If electric power isn’t your top priority, a whole host of premium ICE SUV options exist. Among the most notable alternatives are the Lexus LX 600, the super-luxe GMC Yukon Denali Ultimate, the Ford Expedition Timberline, the totally revamped Toyota Sequoia and the Mercedes-Benz GLS SUV.
That’s the (potentially) $100,000 question. The key is to be honest with yourself about how you plan to use such a truck or SUV. If you’ve read our R1T review and gotten this far with this one, you probably already have a pretty good idea. If you’ve got, say, a beloved dirt bike you need to haul around, the answer is obvious. If you’re regularly chauffeuring half a youth soccer team, the answer is also obvious.
But if you are sort of hanging in an in-between space — a pod waiting for the call from the mothership to start throwing seven different kinds of smoke — my only advice is to leave room in your mind for possibilities. When I was first debating whether to get a motorcycle, my big hesitation was, “Where the heck will I ride it?” To which a moto-ing friend replied, “Just get one, and trust me, you’ll find places to go.” Since then I’ve found myself zipping all over the country and even a bit internationally, and my whole world has opened up.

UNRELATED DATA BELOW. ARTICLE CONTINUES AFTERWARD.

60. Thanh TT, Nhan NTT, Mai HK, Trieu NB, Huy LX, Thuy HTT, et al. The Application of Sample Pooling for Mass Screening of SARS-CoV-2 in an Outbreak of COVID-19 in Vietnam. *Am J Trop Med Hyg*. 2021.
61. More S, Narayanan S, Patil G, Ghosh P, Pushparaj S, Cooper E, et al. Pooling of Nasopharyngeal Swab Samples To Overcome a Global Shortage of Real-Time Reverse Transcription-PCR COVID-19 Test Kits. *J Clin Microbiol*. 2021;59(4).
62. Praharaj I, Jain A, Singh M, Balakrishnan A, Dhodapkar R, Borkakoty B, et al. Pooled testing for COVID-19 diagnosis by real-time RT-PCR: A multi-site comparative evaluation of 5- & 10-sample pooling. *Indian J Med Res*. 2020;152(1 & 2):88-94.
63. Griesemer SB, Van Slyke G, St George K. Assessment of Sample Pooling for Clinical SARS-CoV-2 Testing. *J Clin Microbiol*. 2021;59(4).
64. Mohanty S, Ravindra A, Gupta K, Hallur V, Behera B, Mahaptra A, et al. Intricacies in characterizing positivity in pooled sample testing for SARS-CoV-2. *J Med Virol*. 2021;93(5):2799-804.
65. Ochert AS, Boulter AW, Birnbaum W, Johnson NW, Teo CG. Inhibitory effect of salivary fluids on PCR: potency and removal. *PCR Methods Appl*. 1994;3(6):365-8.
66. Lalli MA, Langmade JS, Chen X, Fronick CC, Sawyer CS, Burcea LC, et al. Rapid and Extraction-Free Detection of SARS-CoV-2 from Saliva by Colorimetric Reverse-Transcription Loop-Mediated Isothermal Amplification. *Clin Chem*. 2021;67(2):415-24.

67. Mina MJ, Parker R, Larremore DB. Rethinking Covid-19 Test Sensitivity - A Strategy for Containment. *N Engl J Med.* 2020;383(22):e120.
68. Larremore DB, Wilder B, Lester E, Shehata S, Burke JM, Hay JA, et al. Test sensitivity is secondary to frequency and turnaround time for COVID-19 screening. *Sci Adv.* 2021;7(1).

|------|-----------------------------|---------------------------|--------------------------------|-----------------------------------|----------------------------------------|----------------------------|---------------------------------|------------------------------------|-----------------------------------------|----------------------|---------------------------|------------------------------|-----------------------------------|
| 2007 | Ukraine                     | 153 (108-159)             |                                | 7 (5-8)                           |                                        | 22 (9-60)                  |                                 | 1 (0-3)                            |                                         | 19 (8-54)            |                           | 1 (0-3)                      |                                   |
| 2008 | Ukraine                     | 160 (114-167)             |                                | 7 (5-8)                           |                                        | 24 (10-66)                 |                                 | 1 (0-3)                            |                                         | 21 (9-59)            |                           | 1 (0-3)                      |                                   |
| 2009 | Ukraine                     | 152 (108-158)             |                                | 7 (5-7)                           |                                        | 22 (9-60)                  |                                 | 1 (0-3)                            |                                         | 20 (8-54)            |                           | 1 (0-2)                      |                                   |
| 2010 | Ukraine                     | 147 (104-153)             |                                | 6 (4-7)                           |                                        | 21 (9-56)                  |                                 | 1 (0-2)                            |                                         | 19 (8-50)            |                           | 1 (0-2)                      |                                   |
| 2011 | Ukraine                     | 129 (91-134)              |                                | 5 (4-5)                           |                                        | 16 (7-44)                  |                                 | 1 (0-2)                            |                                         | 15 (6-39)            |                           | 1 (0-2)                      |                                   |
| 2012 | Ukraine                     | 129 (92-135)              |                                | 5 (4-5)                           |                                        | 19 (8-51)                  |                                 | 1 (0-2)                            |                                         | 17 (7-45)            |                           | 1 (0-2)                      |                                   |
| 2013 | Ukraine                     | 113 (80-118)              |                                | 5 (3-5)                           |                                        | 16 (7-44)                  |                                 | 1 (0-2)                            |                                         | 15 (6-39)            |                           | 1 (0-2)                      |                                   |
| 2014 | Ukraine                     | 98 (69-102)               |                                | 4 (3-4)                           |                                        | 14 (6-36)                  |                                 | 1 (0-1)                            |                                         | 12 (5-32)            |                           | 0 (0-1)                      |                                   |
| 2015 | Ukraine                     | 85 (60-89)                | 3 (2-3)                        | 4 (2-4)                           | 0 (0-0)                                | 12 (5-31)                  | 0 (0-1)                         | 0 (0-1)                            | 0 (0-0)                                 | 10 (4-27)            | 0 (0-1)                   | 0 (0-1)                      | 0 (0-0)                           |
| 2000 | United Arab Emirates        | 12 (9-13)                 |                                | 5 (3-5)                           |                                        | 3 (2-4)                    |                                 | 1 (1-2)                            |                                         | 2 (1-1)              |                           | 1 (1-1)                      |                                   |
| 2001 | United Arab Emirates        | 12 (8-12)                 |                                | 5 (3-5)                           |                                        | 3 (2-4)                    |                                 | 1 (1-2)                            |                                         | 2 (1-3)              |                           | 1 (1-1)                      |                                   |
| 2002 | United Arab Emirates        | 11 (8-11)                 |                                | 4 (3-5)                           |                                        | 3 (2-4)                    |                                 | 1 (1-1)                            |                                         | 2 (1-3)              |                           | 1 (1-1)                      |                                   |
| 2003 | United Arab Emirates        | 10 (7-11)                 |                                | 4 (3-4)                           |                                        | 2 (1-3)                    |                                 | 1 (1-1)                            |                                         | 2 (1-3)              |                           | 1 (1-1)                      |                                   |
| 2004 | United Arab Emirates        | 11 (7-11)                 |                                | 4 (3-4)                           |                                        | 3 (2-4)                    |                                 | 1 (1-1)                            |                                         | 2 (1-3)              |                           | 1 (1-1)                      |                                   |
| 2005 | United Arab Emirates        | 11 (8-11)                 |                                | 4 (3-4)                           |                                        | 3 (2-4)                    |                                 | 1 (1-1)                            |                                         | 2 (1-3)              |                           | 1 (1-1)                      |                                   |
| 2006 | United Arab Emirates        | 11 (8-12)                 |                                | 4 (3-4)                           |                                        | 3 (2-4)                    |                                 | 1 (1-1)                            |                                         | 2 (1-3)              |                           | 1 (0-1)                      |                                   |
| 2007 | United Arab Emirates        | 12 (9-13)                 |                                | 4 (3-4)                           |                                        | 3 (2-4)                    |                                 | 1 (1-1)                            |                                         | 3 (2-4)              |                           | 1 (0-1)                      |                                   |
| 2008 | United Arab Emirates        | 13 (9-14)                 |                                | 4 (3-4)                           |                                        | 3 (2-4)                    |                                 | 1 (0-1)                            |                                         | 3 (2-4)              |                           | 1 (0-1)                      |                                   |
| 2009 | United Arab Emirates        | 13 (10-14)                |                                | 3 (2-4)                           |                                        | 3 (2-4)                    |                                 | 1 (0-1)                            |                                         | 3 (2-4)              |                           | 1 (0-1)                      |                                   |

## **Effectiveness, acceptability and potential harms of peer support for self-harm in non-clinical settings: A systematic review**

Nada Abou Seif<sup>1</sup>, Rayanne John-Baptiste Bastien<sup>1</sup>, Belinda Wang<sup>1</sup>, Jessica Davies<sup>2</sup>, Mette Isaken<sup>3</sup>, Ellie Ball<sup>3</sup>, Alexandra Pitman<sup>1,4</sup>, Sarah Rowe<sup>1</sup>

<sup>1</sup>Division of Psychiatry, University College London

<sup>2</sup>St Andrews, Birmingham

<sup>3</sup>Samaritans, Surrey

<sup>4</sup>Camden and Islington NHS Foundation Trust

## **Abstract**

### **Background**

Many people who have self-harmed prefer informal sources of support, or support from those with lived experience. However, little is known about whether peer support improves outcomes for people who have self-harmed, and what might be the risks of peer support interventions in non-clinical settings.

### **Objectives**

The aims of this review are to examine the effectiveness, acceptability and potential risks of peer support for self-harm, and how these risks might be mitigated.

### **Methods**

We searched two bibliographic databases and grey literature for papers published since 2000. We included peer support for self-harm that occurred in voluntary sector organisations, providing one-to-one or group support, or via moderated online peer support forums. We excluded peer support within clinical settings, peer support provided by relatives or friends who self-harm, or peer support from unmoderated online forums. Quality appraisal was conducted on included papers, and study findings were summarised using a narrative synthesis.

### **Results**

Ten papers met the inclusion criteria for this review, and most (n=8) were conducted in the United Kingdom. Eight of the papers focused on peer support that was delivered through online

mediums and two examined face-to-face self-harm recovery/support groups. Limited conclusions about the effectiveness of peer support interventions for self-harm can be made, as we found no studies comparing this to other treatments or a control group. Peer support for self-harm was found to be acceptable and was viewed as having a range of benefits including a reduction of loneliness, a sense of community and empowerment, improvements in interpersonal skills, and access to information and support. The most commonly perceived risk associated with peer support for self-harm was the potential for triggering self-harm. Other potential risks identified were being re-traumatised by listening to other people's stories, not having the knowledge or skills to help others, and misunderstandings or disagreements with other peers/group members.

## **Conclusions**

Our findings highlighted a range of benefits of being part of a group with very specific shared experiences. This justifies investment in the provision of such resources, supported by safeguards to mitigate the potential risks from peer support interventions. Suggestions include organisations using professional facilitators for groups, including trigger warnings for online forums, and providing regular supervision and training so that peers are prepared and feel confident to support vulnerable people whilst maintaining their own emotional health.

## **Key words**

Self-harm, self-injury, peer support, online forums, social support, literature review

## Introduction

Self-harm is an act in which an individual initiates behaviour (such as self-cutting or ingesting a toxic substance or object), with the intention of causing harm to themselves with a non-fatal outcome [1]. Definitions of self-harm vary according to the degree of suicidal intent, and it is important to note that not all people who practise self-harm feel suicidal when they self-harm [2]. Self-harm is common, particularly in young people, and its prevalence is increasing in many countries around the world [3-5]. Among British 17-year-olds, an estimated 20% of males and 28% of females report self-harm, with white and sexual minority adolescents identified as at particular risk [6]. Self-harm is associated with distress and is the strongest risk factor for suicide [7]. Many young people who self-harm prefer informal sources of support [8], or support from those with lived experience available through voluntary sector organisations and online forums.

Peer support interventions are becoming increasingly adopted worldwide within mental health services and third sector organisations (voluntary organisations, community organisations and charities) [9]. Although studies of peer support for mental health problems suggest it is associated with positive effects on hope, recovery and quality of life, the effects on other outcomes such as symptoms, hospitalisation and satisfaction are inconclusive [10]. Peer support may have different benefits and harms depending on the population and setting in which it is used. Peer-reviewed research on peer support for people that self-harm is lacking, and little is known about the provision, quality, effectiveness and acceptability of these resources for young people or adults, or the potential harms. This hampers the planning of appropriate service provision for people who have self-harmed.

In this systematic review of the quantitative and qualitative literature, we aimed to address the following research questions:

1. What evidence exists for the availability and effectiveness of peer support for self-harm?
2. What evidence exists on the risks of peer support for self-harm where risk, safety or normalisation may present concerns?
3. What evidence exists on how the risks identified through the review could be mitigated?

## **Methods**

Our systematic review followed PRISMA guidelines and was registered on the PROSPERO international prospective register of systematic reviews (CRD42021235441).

Everything Rivian is trying to do really drives toward the brand’s slogan: keep the world adventurous forever. And I have no doubt that with either option, you’ll be looking for excuses to hit the road regularly, and before you know it, you’ll probably be checking national parks, great lakes and towering mountains and more off your bucket list. It’s just part of their inspirational nature. So, take stock of your dreams, and go for the ride that’ll help you roll toward them just a little faster.
The most affordable edition, the Explore package, starts at $72,500 and includes most of what we’ve covered in this review. However, it’s a Dual-Motor AWD vehicle, rather than a Quad-Motor AWD, so the front and back wheels are linked rather than independently powered. That translates to a step down in horsepower and torque (see the numbers below) and off-road handling — and while Rivian’s reps assure us it’s still quite capable, we did not have an opportunity to test it ourselves.